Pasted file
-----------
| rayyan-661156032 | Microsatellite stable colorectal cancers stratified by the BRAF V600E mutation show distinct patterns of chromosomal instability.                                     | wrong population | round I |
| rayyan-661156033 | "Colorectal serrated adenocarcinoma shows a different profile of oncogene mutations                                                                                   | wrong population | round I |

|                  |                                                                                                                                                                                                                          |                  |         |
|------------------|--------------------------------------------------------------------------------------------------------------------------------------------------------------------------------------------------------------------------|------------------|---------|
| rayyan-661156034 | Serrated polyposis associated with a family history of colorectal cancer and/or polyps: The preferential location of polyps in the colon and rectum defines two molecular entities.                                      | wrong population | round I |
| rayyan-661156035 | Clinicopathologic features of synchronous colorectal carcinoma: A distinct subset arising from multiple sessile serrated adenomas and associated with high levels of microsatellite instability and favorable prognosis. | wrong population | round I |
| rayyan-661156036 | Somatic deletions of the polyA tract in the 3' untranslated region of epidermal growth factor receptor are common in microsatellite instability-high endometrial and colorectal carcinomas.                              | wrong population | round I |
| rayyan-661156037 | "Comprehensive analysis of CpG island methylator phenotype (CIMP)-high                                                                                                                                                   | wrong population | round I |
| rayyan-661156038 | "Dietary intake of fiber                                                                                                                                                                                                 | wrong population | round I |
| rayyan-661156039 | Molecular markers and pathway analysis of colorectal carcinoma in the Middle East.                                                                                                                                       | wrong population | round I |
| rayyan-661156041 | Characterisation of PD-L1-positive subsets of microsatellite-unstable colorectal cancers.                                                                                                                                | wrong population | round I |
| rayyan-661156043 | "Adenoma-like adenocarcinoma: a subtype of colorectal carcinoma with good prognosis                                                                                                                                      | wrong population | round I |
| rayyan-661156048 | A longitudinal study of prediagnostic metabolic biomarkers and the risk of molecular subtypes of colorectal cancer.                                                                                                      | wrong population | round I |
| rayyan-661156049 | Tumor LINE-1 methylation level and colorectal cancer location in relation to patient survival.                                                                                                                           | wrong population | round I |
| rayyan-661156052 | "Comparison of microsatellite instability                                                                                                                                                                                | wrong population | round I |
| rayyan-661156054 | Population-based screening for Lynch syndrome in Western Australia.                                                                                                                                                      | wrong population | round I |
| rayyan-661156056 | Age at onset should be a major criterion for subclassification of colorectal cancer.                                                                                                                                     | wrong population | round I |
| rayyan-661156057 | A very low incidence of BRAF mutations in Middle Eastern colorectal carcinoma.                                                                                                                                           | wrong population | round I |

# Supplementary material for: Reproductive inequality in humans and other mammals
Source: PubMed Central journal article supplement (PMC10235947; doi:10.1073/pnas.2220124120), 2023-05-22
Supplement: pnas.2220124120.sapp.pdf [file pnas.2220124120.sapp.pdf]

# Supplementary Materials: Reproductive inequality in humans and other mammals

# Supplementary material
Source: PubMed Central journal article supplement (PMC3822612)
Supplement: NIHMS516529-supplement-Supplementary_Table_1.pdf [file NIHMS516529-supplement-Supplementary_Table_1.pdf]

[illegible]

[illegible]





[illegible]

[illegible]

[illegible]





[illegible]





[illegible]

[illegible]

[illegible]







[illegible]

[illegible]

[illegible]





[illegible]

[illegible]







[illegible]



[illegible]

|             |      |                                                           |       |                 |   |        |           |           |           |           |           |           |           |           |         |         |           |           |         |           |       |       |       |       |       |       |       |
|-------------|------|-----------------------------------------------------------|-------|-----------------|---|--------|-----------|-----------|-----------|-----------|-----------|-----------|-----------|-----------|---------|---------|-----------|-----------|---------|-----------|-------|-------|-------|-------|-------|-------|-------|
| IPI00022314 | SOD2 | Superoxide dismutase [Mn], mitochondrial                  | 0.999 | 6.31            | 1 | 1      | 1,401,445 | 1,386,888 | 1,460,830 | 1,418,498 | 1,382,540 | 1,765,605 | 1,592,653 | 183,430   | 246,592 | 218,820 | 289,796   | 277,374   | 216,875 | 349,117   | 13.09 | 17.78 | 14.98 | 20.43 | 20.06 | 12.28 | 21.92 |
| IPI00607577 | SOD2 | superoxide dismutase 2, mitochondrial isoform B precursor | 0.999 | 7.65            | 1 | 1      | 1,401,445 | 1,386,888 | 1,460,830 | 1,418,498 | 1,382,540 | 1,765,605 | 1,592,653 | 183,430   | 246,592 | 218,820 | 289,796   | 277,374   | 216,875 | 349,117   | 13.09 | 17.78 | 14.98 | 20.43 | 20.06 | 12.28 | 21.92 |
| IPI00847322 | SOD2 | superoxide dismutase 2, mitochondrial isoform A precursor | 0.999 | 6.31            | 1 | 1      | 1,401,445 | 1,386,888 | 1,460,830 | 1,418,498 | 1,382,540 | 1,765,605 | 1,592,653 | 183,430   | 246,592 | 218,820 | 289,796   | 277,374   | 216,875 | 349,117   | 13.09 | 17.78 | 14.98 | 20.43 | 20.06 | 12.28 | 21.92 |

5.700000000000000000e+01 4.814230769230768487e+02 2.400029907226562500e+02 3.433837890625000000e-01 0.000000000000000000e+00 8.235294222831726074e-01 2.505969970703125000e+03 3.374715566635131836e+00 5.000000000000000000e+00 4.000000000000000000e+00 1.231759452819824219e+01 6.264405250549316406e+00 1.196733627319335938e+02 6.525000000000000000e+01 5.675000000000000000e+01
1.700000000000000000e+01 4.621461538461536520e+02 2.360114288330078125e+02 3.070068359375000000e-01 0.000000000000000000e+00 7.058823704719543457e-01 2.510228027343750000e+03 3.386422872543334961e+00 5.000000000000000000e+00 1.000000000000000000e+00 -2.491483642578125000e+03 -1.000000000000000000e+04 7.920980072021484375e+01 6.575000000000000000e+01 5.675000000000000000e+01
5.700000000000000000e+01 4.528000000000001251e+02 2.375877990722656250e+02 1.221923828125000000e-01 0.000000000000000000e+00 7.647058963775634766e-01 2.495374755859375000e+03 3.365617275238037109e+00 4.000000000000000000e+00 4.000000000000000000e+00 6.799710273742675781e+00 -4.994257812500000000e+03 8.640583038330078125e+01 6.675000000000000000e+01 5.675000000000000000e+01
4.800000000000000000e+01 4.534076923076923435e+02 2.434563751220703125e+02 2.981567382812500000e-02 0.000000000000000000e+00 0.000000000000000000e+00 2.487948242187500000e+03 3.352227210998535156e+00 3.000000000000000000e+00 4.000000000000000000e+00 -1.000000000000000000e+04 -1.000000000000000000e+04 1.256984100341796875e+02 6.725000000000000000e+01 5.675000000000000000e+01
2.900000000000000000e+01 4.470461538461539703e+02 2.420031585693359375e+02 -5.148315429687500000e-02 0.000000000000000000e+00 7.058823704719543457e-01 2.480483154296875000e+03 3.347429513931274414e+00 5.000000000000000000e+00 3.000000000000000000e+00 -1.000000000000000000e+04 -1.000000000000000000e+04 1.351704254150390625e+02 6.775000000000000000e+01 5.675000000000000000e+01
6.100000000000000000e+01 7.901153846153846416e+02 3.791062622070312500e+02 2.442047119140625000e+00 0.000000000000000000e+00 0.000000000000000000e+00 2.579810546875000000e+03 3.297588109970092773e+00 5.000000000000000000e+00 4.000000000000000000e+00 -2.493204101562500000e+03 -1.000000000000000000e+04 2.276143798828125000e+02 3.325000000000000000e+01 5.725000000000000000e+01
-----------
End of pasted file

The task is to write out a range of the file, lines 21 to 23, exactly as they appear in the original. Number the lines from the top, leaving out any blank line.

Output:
Supplement: pnas.2220124120.sapp.pdf [file pnas.2220124120.sapp.pdf]

# Supplementary Materials: Reproductive inequality in humans and other mammals

# Supplementary material